Econintersect: Every day our editors collect the most interesting things they find from around the internet and present a summary "reading list" which will include very brief summaries of why each item has gotten our attention. Suggestions from readers for "reading list" items are gratefully reviewed, although sometimes space limits the number included.
NASA's Asteroid-Capture Mission May Test New Method to Defend Earth (Mike Wall, Space.com) NASA has programs with the objective of preventing future asteroid impacts. If large enough such an impact could recreate a global extinction such as the one which ended the age of dinosaurs 65 million years ago. The latest investigation is exploring the use of gravitational forces to deflect a threatening asteroid into a moon orbit.
IBM discovers first new class of polymers in decades (David Szondy, gizmag) It is very strong, brittle like glass but can form extremely strong, light-weight composites with carbon fibers with strength of metal, Yet the composites are self-healing when cracked, unlike metal.
Resveratrol is a naturally occurring plant chemical found in the skin of grapes, red wine, peanuts, cocoa powder, and certain berries and roots. There's interest in the chemical because of its proposed antioxidant, anti-inflammatory, and potential anticancer effects.
Combine that with a possible role in extending lifespan (there'ssome evidence for this in yeast and flies), and you can see why this common substance has captured the imagination of medical researchers and the public alike.
But despite all this interest, there's little research linking resveratrol to favourable health outcomes when it's a normal part of the diet.
U.S. Drought Map (Earth Observatory, NASA) Follow details of official weather forecast and long-range projections published at least once a week (usually late Monday or early Tuesday at GEI News, written by climate economist Sig Silber) The latest report was a special update for 15 May.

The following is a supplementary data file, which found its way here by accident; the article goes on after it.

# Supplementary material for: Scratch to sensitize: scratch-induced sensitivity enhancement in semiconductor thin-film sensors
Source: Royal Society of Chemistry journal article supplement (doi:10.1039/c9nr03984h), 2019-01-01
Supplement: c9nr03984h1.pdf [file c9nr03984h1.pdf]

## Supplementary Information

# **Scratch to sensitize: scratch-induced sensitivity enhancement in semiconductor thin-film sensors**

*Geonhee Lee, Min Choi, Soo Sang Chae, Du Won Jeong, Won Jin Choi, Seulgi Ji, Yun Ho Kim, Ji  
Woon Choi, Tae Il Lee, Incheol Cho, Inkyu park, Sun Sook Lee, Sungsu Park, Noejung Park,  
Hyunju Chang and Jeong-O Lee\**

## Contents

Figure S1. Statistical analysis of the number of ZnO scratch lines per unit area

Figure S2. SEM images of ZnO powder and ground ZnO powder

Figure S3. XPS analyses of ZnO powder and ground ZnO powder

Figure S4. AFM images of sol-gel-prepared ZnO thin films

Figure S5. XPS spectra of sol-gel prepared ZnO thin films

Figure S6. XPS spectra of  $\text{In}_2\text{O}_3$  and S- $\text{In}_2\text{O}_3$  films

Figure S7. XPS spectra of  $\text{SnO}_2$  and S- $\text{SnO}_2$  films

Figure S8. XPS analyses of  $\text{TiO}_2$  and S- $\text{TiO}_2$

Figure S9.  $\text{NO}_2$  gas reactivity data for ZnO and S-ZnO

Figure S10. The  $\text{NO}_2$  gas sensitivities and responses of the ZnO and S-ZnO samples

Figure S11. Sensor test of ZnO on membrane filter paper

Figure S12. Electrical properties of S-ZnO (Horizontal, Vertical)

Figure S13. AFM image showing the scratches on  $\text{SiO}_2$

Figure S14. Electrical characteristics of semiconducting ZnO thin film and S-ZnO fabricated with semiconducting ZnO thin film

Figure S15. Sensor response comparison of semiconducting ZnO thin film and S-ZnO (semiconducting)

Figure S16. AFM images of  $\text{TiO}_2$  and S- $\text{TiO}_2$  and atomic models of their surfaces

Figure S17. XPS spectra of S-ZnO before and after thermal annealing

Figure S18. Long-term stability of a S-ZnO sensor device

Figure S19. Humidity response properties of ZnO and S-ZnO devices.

Click on map for larger image at NASA.gov.
Today there are 11 articles discussed 'behind the wall'. The last one is a mini-article length discussion of credit contraction in the Eurozone.
Please support all that we do at Global Economic Intersection with a subscription to our premium content 'behind the wall'.
China’s Ongoing Battle with Illegal Fundraising (Sara Hsu, The Diplomat) Fraudulently collecting money for investments that is subsequently diverted to personal use is a widespread practice in China. The government has in the past and has again started am "Anti-Illegal Fundraising Publicity Campaign". Money collected from investors has been spent on such things as an $11 million wedding and spending some part of $55.7 million stolen on cosmetics, clothing and luxury cars.
Curtailing the Subsidy War Within the United States (Edward Alden and Rebecca Strauss, Council on Foreign Relations) Money spent on corporate subsidies would be better spent on infrastructure, education and lowering overall tax levels. The subsidy wars between various sates and local governments are largely a waste of money as far as the economy is concerned - a waste in two ways: money spent where it adds little to the economy and not spent where it would add growth. See also blog article.
Analysis of Wind, Solar PV and Conventional Power Production in Germany in April 2014 (Bernard Chabot and BC Consult, Renewables International) Wind and solar sources provided 19.7% of electricity generation in April for Germany. But there were times when the two renewables reached as high as 60-70%. Managing such a variable production presents challenges to the German grid and generation industry. One factor is that only 17% of the hours in April saw conventional power plants able to operate profitably because of inefficiency when running with lowered output.